The tariffs are being imposed despite the fact that a consensus had been reached between the United Kingdom and Ghana at the end of the last year.
At least £100,000 (nearly $137,000) of tariffs have been imposed on a shipment of so-called Fairtrade-certified Ghanaian bananas as a result of trade agreement complications caused by the United Kingdom as it was leaving the European Union.
The UK finally left the EU on 31 December as part of the Brexit process, reaching a trade deal with the European Union very close to the transition deadline. As a result, some other “continuity” deals intended to roll over the terms of trade the UK enjoyed as a European Union member still hang in the balance. Ghana is one of several countries the UK previously had preferential trading arrangements with through its membership in the EU. Now trade with the former British colony in western Africa is in limbo.
Exports from these countries, for now, face Britain’s Generalised Scheme of Preferences, which applies import duties at reduced rates on developing countries.
George Kporye, manager of the company Golden Exotics slammed the tariffs, calling them “unsustainable” and stressed that “it is important that a solution is found as quickly as possible.”
“If this issue continues for weeks, it will put the jobs of over 3,000 workers, mostly in rural communities, at great risk,” he said.
Keith Sadler, managing director of importers Compagnie Fruitiere UK says that his firm was paying weekly tariffs of £20,000 (approx. $27,000), saying that it is one million per year if combined, and that “No business can operate with that level of extra costs.” He also warned that the company might have to turn its back on Ghana: “This is a serious threat to the banana industry and it needs to be resolved before we have to make difficult decisions.”
Scottish National Party MP Angus MacNeil asked Secretary of State for International Trade Liz Truss to explain why a statement by the Department on New Year’s Eve said “an agreement had been reached on all the main issues”, adding that the text would be finalised in weeks. MacNeil pointed out that Ghana sends more than 40 percent of its exports to the UK and that thousands of jobs in rural areas of the country of more than 30 million people might be put at risk.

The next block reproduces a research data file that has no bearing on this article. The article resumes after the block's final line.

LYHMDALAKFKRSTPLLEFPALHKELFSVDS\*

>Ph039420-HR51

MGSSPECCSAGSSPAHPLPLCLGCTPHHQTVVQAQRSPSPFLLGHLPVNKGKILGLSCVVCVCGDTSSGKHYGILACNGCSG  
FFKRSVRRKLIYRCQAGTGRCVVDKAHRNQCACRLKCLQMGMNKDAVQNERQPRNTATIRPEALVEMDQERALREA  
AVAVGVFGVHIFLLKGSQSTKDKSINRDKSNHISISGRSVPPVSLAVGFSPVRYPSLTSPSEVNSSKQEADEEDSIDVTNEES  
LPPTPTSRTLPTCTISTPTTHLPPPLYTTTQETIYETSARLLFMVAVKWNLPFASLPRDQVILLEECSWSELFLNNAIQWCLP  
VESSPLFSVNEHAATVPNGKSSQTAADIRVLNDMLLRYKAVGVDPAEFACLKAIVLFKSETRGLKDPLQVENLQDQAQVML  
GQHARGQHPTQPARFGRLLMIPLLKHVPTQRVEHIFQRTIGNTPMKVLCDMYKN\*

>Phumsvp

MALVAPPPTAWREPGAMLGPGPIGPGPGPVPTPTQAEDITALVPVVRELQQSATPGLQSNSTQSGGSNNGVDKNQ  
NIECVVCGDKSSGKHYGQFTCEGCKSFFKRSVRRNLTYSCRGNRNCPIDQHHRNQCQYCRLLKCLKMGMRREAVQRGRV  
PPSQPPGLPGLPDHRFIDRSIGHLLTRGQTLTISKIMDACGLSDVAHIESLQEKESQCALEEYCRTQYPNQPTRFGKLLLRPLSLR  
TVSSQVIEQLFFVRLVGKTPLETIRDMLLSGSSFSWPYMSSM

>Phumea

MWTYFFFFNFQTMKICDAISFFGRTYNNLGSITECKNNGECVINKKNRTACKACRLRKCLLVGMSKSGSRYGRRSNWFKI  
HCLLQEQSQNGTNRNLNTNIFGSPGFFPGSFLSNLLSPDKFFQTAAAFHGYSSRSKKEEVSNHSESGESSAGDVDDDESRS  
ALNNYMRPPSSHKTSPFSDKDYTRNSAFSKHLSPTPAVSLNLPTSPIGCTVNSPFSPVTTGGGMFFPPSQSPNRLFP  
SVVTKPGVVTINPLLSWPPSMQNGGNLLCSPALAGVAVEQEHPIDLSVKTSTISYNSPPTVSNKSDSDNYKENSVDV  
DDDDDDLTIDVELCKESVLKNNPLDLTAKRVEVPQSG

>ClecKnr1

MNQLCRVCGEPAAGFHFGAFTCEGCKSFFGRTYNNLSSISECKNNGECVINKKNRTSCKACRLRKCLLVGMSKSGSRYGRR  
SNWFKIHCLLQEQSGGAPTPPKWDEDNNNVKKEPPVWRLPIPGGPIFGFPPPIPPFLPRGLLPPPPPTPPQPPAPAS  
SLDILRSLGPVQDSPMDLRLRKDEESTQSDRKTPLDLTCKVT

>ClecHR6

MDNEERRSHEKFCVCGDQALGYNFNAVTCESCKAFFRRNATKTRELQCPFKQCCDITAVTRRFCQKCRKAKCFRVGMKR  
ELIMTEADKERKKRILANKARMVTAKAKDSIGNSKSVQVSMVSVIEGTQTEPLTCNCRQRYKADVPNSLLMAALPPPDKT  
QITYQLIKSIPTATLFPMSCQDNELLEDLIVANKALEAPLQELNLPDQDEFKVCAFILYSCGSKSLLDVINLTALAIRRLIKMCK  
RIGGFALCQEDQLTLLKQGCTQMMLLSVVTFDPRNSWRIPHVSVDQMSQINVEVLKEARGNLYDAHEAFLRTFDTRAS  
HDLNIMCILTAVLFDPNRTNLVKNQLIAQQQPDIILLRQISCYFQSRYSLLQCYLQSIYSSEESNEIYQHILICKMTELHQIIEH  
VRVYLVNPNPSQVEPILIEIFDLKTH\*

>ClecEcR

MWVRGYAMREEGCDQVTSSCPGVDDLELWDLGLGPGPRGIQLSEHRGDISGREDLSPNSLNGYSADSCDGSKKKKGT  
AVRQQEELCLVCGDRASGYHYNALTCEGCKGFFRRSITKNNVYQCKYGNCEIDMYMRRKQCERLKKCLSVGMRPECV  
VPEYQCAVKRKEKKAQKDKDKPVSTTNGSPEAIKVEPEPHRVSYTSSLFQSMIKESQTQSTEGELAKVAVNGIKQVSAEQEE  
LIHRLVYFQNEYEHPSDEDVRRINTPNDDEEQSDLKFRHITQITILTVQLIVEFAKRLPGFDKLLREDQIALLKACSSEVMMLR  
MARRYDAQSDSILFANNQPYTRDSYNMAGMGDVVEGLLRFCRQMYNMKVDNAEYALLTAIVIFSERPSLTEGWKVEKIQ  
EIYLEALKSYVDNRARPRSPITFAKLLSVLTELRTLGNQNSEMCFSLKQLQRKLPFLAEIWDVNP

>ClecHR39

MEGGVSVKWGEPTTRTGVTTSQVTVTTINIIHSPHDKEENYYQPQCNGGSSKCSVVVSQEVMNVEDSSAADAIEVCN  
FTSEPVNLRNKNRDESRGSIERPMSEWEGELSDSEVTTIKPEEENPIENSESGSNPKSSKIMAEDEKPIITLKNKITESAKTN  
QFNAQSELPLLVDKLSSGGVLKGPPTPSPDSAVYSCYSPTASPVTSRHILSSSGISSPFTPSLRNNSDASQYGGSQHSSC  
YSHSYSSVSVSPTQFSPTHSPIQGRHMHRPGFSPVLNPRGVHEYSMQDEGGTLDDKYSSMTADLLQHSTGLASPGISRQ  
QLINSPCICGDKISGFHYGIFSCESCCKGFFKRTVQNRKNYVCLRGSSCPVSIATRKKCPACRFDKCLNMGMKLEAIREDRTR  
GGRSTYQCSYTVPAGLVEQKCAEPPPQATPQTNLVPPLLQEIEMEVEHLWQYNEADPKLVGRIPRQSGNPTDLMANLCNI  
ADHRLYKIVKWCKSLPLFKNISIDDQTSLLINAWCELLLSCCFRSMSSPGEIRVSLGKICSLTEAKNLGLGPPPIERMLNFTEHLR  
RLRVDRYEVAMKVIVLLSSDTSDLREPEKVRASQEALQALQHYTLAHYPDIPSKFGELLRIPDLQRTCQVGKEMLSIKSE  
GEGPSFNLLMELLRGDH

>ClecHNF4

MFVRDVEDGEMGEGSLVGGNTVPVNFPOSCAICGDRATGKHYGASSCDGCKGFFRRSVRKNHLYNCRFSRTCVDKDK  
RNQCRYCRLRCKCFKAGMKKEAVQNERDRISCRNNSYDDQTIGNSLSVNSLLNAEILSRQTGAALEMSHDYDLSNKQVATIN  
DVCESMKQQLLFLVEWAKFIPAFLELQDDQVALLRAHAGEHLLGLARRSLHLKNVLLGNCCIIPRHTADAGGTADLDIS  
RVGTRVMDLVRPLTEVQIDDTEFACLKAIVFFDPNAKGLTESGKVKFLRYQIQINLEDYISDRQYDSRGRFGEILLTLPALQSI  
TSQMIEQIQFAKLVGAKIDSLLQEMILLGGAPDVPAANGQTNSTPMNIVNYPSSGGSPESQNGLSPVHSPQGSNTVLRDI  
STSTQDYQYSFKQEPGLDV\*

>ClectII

“We share the Ghanaian government’s concern for their banana industry, and that is one of the reasons why we made an early and generous proposal to Ghana that would have guaranteed their continued and lasting access to the UK market, but they chose not to take this take up,” a spokesperson said.
“We are glad Ghana is working with us to reach an agreement, and the restoration of our trading terms is in sight. It is the responsibility of both our countries to work to resolve this issue as soon as possible.”
Ghana, however, argued that a rollover deal would have meant agreeing on a different tariff for UK goods than its neighbours, which would have undermined customs union and damaged relationships. Ghana is the world’s second-largest cocoa exporter, and 59% of the country’s workforce is involved in agriculture.
Meanwhile, UK exporters have also faced challenges due to the last-minute tariff-free trade deal truck by Brussels and London, having been inundated with challenges such as the necessity of filling out extra paperwork, in order to comply with rules regarding origins, VATs and health checks before they are able to deliver their products to the continent. A recent report by trade insurance company Euler Hermes Group SAS revealed that post-Brexit rules may cost British exporters up to $34 billion in 2021 due to weak demand and excessive bureaucracy.